Many a time I have buried my face in my horse’s mane when life seemed overwhelming. I’ve squealed with girlish laughter as my horse carried me over the land at a full gallop. The horse has not indulged my romantic notions of who they are, but required instead that I show up engaged and fully present in their company. They have taught me about self-leadership, overcoming fear, dedication, commitment and forgiveness. Horses have celebrated and encouraged my intuitive gifts and deepened my faith and my spirit more than any other life experience or relationship. I have a thousand words to express my love for horses, none of them truly adequate or satisfying enough to thank them.
What is it that people who have had interaction with your horses say they experience that is different from other experiences?
One of my newer students called this morning to say that she was still feeling the experience of being with horses from three weeks ago. In her words, the horse gave her encouragement to have authentic conversations with her mother. She reported that the holidays were always a trying time and it often felt like a power struggle between the two. She remembered how grounded and centered her body felt, how brave and authentic the horse reflected she was being in her session…she recalled this state in her body whenever she interacted with her mom over Christmas and was astonished at the harmony that seemed available for the first time in years. Under many varied circumstances, this is the kind of feedback I receive from students on a fairly regular basis.
Does interacting with the horses sometimes awaken a commitment in people to remain dedicated to personal change for the long-term?
My sense is that many of us are re-examining life very differently these days. Perhaps even since 9/11, the desire to find heart and meaning in one’s life has become more urgent. Today’s world has a multitude of complex issues; people are often overwhelmed and unsure how to initiate change, and if one person can truly make a difference. One of the biological similarities of both humans and horses is the need to be of service, to contribute to the whole, finding our place of belonging in relationship to something of value. Horses evoke passion, purpose and strong desire to be connected and in authentic conversations. Often just standing next to these 1,000 lbs. of energy takes us out of our logical or rational thinking and into our feeling animal body; where both curiosity and possibility live. Horses are excellent training partners as we notice the relationship between their cooperation when our mind, body and spirit are aligned.
Long term and sustainable change happens when we have practices that support the changes we say we want to make. Our culture has an instant gratification and quick fix mentality in many instances. We are largely hooked on the big “ah ha” moments (especially in California), and we’re not necessarily saddled up to the process of how embodied change occurs and is sustained over time. One of my teachers, once said, “it takes 20 years to be a masterful horseman or horsewoman, and if we told people this up front, most would never throw a leg over the horse.”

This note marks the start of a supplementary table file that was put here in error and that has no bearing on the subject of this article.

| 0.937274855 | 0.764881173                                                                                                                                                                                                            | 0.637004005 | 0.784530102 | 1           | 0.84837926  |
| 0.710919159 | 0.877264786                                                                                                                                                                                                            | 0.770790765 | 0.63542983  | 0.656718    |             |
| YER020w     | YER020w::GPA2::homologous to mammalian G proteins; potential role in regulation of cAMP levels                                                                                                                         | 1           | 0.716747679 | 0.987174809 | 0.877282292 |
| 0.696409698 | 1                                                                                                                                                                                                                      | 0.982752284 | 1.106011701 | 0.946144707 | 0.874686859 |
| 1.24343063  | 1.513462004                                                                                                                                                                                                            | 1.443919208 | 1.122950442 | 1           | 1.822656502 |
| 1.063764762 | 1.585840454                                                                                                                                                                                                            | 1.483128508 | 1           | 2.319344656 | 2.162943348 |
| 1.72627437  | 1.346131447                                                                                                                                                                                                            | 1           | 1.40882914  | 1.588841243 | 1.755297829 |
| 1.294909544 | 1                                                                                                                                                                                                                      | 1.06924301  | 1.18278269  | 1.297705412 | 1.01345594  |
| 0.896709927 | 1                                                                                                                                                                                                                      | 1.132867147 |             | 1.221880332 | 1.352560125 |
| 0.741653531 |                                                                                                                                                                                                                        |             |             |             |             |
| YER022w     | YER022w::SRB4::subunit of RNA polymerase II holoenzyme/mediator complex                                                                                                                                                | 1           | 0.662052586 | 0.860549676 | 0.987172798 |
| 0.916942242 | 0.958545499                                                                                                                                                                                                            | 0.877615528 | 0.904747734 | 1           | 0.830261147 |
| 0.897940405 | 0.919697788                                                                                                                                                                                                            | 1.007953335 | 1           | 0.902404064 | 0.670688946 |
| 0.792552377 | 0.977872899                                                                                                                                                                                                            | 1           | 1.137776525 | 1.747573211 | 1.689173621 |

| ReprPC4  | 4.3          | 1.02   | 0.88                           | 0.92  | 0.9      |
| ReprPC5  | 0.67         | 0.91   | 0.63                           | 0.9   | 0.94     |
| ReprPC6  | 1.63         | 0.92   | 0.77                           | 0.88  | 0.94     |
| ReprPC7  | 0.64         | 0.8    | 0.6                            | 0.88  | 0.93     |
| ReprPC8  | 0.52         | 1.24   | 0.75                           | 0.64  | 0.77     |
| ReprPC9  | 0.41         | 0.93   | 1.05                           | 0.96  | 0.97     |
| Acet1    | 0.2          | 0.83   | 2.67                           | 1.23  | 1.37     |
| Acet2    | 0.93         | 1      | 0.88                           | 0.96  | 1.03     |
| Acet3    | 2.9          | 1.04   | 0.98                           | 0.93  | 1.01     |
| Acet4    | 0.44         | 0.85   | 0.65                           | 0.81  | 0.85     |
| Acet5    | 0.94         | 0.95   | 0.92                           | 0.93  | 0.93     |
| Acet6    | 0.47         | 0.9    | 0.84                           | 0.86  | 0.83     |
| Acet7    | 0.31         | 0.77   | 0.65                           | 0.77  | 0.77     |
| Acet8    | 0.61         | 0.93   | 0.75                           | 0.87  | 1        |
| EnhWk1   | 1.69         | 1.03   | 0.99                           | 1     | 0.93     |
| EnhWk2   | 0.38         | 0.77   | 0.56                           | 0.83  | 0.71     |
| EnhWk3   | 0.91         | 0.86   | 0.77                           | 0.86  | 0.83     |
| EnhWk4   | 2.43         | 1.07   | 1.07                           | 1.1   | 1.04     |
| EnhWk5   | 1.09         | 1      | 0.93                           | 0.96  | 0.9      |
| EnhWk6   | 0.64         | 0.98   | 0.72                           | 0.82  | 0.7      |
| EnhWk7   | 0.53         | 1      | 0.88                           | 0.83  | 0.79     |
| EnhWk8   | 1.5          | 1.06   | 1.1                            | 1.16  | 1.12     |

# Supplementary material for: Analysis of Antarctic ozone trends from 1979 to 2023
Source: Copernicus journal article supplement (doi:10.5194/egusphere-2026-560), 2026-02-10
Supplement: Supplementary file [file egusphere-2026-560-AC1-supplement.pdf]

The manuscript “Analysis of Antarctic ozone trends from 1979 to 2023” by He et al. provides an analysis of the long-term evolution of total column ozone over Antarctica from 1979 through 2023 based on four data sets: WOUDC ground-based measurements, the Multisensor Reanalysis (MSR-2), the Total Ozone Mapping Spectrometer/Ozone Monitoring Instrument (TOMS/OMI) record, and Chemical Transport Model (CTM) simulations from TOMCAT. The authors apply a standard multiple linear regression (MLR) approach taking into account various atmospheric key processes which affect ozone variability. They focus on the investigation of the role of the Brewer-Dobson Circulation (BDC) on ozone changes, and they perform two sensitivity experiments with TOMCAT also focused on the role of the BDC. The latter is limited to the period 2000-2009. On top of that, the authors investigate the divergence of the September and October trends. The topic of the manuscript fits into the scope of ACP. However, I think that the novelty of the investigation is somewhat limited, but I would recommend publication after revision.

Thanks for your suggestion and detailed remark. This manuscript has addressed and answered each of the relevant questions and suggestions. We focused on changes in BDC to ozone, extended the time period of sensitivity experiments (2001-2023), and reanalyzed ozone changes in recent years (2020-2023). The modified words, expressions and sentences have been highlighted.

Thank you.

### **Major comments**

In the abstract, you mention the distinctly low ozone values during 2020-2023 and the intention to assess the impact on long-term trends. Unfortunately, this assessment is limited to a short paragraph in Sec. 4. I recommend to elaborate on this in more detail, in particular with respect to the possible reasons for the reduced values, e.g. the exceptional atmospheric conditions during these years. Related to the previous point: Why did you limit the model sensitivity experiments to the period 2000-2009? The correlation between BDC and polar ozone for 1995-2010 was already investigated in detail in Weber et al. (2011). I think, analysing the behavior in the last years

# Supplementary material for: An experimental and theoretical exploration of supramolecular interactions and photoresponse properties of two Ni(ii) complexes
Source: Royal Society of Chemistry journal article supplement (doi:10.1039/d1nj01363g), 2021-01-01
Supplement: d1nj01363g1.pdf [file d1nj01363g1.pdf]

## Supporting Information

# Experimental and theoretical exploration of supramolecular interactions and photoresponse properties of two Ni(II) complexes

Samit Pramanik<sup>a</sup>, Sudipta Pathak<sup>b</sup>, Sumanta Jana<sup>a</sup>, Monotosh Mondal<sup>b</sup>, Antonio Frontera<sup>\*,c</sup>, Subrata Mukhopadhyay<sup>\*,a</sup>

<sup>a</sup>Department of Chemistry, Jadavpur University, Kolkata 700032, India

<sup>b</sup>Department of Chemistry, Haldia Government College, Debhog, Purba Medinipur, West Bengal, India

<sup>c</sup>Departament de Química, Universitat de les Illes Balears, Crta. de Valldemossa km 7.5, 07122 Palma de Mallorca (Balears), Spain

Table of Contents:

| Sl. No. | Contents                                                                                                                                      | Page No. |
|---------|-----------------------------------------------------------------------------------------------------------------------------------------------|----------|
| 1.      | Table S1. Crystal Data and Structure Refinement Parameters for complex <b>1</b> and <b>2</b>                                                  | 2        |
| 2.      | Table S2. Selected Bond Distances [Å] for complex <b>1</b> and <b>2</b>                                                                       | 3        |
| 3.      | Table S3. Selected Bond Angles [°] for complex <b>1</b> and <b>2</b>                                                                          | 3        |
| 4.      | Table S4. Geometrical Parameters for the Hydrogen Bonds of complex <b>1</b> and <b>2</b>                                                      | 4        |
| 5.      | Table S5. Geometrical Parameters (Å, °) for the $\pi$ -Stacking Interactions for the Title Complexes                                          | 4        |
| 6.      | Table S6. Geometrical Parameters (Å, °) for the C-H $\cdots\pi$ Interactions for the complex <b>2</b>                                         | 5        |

In your opinion, do horses have emotions, and in what manner are they expressed? How can you tell if a horse is happy or sad? Do horses express emotion physically by playing or by movements that one could say seem like dance?
I think happy and sad are human labels for varied energetic states. The emotion of happy might be compared to high energy and sad or feeling depressed to the lack of energy. Horses live in energy, they make their decisions from how they feel (safe, not safe) rather than what they think. Horses love to play and are naturally very social. In the wild, they live in herds or bands (normally comprised of 6-8 horses) which could be likened to the human family or tribe. When horses present too much energy, and are hard to handle, it is often from being overly confined (stalled) and unable to move about as nature intended. There is a surplus of store energy that the horse needs to release. An excited horse can also be mirroring the energy of the human handler or group it is with, or some phenomena in the larger environment (a predator) or when a horse is calm and cooperative, partnering the energy in the space (the human, group, other horses and environment) feels congruent, aligned, and so forth. I believe that horses are highly sensitive, intuitive, masters at reading body language and fully embodied sensate beings. I often hear people say things like, “the horse doesn’t like me,” “the horse is mad at me,” and so forth. This is our human projection, and has nothing whatsoever to do with the horse’s state of being.